John and I wrote it in tandem. I would write, and he has a Master’s degree from Harvard, and I’m not college-educated, so I would write it and submit it to him to take a look, but the layout and the way that it’s structured is mostly myself with John’s input and, of course, Nara’s input. For the video, we talked about what we thought it should be, some history of where we’re coming from, why Braddock, why this project, and kind of what’s going on presently.

And those images of the community events and me working with the Braddock Youth Project in the summer flow into what we thought it could be and kind of end with something that really pulls at your heartstrings, which is, “this doesn’t happen without the Kickstarter community.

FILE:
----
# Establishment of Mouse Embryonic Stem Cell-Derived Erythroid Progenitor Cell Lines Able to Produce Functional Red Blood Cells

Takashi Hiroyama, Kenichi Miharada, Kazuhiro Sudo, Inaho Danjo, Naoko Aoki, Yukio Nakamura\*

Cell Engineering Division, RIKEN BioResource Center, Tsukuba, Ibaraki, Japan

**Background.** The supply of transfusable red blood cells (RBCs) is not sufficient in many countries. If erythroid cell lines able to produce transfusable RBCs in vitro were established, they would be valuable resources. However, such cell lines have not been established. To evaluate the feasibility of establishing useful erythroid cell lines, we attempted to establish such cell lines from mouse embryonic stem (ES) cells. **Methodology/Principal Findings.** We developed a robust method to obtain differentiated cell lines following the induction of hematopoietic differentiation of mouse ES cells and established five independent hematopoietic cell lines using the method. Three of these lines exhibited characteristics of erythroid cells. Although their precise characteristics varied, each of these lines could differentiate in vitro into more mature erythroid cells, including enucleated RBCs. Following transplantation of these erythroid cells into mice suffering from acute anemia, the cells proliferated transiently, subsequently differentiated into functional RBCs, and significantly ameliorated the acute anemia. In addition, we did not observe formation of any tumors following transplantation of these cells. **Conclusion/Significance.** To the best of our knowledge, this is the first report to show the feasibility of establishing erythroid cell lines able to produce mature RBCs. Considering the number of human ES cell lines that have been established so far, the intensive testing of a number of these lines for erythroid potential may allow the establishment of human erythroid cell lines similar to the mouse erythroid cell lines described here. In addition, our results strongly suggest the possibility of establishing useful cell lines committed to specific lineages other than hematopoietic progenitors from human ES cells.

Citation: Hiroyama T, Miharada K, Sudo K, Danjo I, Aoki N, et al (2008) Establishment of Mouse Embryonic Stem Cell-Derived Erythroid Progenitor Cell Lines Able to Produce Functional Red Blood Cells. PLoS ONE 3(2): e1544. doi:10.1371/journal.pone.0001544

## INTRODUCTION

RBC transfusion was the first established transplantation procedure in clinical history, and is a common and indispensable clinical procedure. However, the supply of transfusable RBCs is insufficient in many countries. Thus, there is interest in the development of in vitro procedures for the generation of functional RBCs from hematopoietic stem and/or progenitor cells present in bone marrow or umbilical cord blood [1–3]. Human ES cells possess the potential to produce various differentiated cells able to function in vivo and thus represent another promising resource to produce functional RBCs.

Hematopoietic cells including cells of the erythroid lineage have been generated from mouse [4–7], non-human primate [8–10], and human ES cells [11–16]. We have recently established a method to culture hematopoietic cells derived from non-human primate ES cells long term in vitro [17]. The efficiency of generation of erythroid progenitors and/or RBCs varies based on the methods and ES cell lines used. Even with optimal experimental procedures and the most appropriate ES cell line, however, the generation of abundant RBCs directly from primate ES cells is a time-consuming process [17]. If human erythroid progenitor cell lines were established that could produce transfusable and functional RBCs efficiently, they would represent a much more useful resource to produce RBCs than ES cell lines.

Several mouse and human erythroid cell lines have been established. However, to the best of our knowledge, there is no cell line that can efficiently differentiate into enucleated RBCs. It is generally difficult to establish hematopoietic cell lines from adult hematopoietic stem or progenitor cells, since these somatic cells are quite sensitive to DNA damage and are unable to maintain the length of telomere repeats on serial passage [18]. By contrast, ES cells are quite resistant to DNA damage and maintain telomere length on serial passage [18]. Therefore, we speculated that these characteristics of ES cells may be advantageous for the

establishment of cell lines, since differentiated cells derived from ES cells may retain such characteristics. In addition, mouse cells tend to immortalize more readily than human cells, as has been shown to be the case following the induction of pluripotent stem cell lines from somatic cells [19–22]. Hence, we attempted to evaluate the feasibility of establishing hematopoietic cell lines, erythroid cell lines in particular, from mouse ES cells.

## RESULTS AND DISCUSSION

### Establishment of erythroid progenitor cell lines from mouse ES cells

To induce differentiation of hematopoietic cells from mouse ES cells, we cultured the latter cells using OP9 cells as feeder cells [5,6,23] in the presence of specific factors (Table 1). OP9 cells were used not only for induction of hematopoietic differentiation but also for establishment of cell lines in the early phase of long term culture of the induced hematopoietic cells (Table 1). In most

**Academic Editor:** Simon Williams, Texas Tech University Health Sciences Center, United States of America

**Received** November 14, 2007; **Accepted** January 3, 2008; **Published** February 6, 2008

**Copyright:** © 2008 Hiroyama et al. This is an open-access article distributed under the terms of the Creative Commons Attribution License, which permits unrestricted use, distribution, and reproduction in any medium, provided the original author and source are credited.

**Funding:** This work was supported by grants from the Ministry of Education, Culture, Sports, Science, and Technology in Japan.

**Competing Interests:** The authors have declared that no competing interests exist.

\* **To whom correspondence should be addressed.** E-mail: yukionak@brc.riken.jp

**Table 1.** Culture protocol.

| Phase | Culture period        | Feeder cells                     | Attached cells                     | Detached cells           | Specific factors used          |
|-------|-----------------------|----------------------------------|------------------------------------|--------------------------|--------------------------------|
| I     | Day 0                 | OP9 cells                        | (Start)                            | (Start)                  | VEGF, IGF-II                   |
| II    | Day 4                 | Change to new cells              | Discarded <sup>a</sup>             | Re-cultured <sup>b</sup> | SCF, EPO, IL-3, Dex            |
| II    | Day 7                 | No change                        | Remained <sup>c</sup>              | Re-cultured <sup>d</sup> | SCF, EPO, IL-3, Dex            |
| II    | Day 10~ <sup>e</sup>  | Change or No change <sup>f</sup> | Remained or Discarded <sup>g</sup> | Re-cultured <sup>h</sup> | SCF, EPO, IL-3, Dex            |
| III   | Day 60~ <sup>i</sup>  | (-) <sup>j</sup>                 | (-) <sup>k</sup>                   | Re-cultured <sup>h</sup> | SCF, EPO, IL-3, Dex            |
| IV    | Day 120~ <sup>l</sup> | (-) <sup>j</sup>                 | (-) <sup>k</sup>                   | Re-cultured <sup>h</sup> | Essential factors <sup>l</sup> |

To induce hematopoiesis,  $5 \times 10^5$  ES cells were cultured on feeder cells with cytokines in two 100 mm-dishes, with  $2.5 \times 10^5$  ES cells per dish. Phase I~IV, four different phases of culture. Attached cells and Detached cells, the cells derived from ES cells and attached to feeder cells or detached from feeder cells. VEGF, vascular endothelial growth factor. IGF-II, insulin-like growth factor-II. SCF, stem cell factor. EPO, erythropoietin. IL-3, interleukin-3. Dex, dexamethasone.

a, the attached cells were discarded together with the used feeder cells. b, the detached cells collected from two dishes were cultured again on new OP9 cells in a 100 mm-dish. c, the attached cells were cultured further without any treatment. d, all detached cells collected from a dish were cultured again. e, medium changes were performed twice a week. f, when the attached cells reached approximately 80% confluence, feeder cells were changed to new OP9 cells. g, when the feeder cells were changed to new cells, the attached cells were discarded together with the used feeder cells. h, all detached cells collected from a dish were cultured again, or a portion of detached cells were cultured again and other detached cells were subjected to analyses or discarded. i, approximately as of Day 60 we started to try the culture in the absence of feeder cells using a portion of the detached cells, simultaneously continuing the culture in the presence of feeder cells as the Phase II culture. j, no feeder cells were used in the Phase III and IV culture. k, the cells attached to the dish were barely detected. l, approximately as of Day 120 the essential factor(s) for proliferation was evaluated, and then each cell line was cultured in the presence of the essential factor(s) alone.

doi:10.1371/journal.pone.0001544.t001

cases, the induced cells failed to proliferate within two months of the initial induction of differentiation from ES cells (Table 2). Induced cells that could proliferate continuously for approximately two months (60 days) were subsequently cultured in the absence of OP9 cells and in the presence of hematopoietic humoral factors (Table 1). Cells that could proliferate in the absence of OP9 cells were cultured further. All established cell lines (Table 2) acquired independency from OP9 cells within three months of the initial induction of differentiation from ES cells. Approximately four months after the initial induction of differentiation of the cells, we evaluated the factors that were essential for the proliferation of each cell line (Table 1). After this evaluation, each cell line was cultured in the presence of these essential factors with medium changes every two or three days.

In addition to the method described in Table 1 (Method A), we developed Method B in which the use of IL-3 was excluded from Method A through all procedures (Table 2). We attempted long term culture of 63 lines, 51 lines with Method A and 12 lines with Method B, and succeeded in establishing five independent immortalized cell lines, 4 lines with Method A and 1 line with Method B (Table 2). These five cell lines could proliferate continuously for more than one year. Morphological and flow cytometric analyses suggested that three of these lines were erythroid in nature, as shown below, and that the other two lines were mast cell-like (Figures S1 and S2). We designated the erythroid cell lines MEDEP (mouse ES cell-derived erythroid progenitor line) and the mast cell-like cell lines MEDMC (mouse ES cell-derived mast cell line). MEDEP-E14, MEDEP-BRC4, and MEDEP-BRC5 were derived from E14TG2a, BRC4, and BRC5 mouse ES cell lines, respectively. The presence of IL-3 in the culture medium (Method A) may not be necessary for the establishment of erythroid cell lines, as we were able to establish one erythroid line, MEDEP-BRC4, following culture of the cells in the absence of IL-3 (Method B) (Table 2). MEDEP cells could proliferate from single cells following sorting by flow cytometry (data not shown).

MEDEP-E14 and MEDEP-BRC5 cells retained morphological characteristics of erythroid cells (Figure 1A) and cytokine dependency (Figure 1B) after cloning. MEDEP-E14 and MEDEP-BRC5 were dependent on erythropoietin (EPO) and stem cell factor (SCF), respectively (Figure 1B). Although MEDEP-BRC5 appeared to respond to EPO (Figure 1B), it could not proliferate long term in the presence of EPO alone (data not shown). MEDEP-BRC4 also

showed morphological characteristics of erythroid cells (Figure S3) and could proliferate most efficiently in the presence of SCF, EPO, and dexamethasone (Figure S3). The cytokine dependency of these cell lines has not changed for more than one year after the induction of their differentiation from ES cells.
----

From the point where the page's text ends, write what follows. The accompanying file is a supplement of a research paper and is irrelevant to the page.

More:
Braddock Farms

Farmer Marshall Hart at Braddock Farms

We wanted it to really hit home, and we weren’t willing to set our goal lower, because that wouldn’t have gotten us where we needed to be. We could have reached a goal of $100,000 we thought pretty easily, but that just wouldn’t have done anything. $100,000 is a lot of money for some projects, but for this project, it’s not.

We set it at $250,000 and we swung for the fences, and honestly, it didn’t look like it was going to happen until the last day when Pittsburgh just went bananas and really got behind it, and it’s really sort of changed the scope of what I do as far as my connection with my other businesses. I’m sort of restructuring my responsibilities within my other businesses because my focus right now is Braddock. And I owe it to the people of Kickstarter to deliver this thing that I said I was going to deliver.